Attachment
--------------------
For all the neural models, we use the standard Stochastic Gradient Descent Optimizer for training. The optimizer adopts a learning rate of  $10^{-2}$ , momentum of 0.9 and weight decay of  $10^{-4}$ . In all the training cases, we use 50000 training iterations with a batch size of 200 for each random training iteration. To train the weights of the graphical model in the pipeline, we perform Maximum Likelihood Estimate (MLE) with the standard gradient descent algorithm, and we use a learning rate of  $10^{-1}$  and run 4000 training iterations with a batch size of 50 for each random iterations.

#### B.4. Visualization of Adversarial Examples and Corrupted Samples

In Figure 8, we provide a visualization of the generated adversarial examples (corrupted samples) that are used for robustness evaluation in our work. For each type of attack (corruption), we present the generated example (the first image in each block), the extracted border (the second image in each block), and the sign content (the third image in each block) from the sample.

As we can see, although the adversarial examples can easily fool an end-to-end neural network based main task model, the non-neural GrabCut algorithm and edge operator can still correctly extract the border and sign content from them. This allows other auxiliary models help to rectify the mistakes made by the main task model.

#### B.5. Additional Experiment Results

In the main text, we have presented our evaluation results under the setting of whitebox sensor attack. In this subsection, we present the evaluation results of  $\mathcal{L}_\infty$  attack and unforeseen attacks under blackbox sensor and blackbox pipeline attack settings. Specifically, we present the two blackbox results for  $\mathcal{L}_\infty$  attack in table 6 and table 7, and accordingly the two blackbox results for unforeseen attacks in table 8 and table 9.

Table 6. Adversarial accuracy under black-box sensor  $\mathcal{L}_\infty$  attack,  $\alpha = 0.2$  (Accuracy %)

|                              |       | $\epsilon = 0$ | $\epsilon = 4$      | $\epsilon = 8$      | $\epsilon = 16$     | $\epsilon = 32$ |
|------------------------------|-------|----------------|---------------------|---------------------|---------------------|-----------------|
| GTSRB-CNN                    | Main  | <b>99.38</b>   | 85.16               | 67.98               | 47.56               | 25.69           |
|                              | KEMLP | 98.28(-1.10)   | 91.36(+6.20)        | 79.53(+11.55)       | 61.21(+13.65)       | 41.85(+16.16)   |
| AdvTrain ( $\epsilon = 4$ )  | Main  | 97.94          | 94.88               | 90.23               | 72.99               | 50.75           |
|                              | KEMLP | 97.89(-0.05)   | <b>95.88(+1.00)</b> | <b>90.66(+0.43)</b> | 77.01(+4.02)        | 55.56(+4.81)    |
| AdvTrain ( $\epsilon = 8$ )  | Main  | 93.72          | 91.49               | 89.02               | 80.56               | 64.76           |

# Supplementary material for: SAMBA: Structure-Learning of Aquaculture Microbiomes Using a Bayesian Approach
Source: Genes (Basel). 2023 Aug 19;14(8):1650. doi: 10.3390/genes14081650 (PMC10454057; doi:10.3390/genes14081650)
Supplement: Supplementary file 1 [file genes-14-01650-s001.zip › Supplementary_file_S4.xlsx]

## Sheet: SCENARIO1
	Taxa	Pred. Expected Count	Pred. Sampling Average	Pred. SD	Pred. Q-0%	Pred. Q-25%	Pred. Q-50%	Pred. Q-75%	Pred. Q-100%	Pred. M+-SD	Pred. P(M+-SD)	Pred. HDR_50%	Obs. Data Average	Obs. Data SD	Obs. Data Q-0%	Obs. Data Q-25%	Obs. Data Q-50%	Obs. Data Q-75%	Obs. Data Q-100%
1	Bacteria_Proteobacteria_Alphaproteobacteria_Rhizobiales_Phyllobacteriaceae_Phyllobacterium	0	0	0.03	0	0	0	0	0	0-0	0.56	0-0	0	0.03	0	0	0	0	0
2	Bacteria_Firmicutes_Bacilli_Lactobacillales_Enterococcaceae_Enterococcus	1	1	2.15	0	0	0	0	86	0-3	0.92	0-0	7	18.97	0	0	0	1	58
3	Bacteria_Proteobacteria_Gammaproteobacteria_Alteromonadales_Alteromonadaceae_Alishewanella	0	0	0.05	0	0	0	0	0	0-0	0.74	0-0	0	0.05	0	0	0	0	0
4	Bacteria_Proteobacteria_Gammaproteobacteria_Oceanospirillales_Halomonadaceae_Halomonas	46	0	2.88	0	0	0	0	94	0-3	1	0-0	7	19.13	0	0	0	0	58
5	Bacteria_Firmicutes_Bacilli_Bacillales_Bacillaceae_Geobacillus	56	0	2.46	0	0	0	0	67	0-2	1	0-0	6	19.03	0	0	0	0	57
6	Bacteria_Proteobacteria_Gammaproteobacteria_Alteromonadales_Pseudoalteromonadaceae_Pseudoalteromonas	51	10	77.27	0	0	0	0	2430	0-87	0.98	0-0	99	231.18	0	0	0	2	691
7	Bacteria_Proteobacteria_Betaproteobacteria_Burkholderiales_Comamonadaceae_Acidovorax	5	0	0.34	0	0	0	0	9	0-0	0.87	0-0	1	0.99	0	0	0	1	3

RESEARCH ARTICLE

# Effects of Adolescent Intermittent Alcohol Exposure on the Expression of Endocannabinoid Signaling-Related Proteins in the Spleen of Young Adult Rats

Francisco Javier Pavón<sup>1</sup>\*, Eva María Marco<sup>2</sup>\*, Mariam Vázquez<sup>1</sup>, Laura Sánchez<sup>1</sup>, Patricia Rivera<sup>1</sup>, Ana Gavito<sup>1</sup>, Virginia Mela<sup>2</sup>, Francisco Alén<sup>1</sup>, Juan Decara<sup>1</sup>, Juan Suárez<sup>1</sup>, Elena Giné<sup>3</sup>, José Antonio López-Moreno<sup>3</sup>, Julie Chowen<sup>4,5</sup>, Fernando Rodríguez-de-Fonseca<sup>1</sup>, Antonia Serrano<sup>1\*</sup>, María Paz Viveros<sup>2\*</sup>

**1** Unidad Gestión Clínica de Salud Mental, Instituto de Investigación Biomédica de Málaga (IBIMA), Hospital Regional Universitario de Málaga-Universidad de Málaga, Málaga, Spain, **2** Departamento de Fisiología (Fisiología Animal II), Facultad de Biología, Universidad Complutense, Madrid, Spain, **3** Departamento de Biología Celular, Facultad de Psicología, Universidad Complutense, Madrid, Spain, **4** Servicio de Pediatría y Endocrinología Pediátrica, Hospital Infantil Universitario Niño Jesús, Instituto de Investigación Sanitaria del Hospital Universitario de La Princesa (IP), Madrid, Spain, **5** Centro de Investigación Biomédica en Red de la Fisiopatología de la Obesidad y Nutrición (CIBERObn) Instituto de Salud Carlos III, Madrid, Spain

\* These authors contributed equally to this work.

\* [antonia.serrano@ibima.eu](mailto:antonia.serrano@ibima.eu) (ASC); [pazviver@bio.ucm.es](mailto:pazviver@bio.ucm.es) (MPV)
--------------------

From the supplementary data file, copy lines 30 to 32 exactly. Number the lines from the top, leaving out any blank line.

**1** Unidad Gestión Clínica de Salud Mental, Instituto de Investigación Biomédica de Málaga (IBIMA), Hospital Regional Universitario de Málaga-Universidad de Málaga, Málaga, Spain, **2** Departamento de Fisiología (Fisiología Animal II), Facultad de Biología, Universidad Complutense, Madrid, Spain, **3** Departamento de Biología Celular, Facultad de Psicología, Universidad Complutense, Madrid, Spain, **4** Servicio de Pediatría y Endocrinología Pediátrica, Hospital Infantil Universitario Niño Jesús, Instituto de Investigación Sanitaria del Hospital Universitario de La Princesa (IP), Madrid, Spain, **5** Centro de Investigación Biomédica en Red de la Fisiopatología de la Obesidad y Nutrición (CIBERObn) Instituto de Salud Carlos III, Madrid, Spain

\* These authors contributed equally to this work.

\* [antonia.serrano@ibima.eu](mailto:antonia.serrano@ibima.eu) (ASC); [pazviver@bio.ucm.es](mailto:pazviver@bio.ucm.es) (MPV)